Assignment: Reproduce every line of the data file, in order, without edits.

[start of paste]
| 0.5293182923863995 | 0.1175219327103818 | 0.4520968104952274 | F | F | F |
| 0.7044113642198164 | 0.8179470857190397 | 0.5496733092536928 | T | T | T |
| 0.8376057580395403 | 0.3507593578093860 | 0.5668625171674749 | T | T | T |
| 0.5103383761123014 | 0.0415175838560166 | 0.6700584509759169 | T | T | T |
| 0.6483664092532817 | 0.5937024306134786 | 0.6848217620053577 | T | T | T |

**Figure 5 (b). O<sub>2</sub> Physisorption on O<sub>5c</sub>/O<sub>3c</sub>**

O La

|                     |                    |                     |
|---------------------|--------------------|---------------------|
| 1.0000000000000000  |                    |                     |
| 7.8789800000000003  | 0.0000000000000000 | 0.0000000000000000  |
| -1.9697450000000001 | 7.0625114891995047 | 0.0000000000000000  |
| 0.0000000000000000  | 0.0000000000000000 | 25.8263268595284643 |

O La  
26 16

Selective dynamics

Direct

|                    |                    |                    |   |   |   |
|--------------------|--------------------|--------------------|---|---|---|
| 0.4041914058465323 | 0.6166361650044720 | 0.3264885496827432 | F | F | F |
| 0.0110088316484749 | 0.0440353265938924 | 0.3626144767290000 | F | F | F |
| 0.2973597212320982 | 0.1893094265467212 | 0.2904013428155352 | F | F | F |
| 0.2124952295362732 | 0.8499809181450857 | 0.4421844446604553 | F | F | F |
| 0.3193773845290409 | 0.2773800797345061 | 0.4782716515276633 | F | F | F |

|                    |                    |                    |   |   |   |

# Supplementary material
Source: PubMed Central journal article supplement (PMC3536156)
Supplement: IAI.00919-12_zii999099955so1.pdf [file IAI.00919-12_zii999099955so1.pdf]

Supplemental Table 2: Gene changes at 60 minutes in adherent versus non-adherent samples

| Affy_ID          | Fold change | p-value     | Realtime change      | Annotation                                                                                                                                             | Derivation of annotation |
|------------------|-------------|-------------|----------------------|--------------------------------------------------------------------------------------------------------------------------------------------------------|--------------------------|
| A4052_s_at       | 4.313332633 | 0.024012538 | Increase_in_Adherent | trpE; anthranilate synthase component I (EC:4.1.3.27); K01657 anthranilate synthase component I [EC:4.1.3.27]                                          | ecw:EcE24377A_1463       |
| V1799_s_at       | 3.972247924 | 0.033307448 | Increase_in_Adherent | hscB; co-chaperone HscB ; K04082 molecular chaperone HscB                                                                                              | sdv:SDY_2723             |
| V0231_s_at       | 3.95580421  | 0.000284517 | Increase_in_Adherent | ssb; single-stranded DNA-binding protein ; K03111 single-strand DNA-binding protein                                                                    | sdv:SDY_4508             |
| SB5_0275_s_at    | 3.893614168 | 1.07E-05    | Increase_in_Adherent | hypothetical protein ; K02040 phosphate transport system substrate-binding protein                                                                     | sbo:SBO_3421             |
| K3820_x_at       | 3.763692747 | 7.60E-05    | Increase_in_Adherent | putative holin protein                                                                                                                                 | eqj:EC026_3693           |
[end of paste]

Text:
| 0.5293182923863995 | 0.1175219327103818 | 0.4520968104952274 | F | F | F |
| 0.7044113642198164 | 0.8179470857190397 | 0.5496733092536928 | T | T | T |
| 0.8376057580395403 | 0.3507593578093860 | 0.5668625171674749 | T | T | T |
| 0.5103383761123014 | 0.0415175838560166 | 0.6700584509759169 | T | T | T |
| 0.6483664092532817 | 0.5937024306134786 | 0.6848217620053577 | T | T | T |

**Figure 5 (b). O<sub>2</sub> Physisorption on O<sub>5c</sub>/O<sub>3c</sub>**

O La

|                     |                    |                     |
|---------------------|--------------------|---------------------|
| 1.0000000000000000  |                    |                     |
| 7.8789800000000003  | 0.0000000000000000 | 0.0000000000000000  |
| -1.9697450000000001 | 7.0625114891995047 | 0.0000000000000000  |
| 0.0000000000000000  | 0.0000000000000000 | 25.8263268595284643 |

O La  
26 16

Selective dynamics

Direct

|                    |                    |                    |   |   |   |
|--------------------|--------------------|--------------------|---|---|---|
| 0.4041914058465323 | 0.6166361650044720 | 0.3264885496827432 | F | F | F |
| 0.0110088316484749 | 0.0440353265938924 | 0.3626144767290000 | F | F | F |
| 0.2973597212320982 | 0.1893094265467212 | 0.2904013428155352 | F | F | F |
| 0.2124952295362732 | 0.8499809181450857 | 0.4421844446604553 | F | F | F |
| 0.3193773845290409 | 0.2773800797345061 | 0.4782716515276633 | F | F | F |

|                    |                    |                    |   |   |   |

# Supplementary material
Source: PubMed Central journal article supplement (PMC3536156)
Supplement: IAI.00919-12_zii999099955so1.pdf [file IAI.00919-12_zii999099955so1.pdf]

Supplemental Table 2: Gene changes at 60 minutes in adherent versus non-adherent samples

| Affy_ID          | Fold change | p-value     | Realtime change      | Annotation                                                                                                                                             | Derivation of annotation |
|------------------|-------------|-------------|----------------------|--------------------------------------------------------------------------------------------------------------------------------------------------------|--------------------------|
| A4052_s_at       | 4.313332633 | 0.024012538 | Increase_in_Adherent | trpE; anthranilate synthase component I (EC:4.1.3.27); K01657 anthranilate synthase component I [EC:4.1.3.27]                                          | ecw:EcE24377A_1463       |
| V1799_s_at       | 3.972247924 | 0.033307448 | Increase_in_Adherent | hscB; co-chaperone HscB ; K04082 molecular chaperone HscB                                                                                              | sdv:SDY_2723             |
| V0231_s_at       | 3.95580421  | 0.000284517 | Increase_in_Adherent | ssb; single-stranded DNA-binding protein ; K03111 single-strand DNA-binding protein                                                                    | sdv:SDY_4508             |
| SB5_0275_s_at    | 3.893614168 | 1.07E-05    | Increase_in_Adherent | hypothetical protein ; K02040 phosphate transport system substrate-binding protein                                                                     | sbo:SBO_3421             |
| K3820_x_at       | 3.763692747 | 7.60E-05    | Increase_in_Adherent | putative holin protein                                                                                                                                 | eqj:EC026_3693           |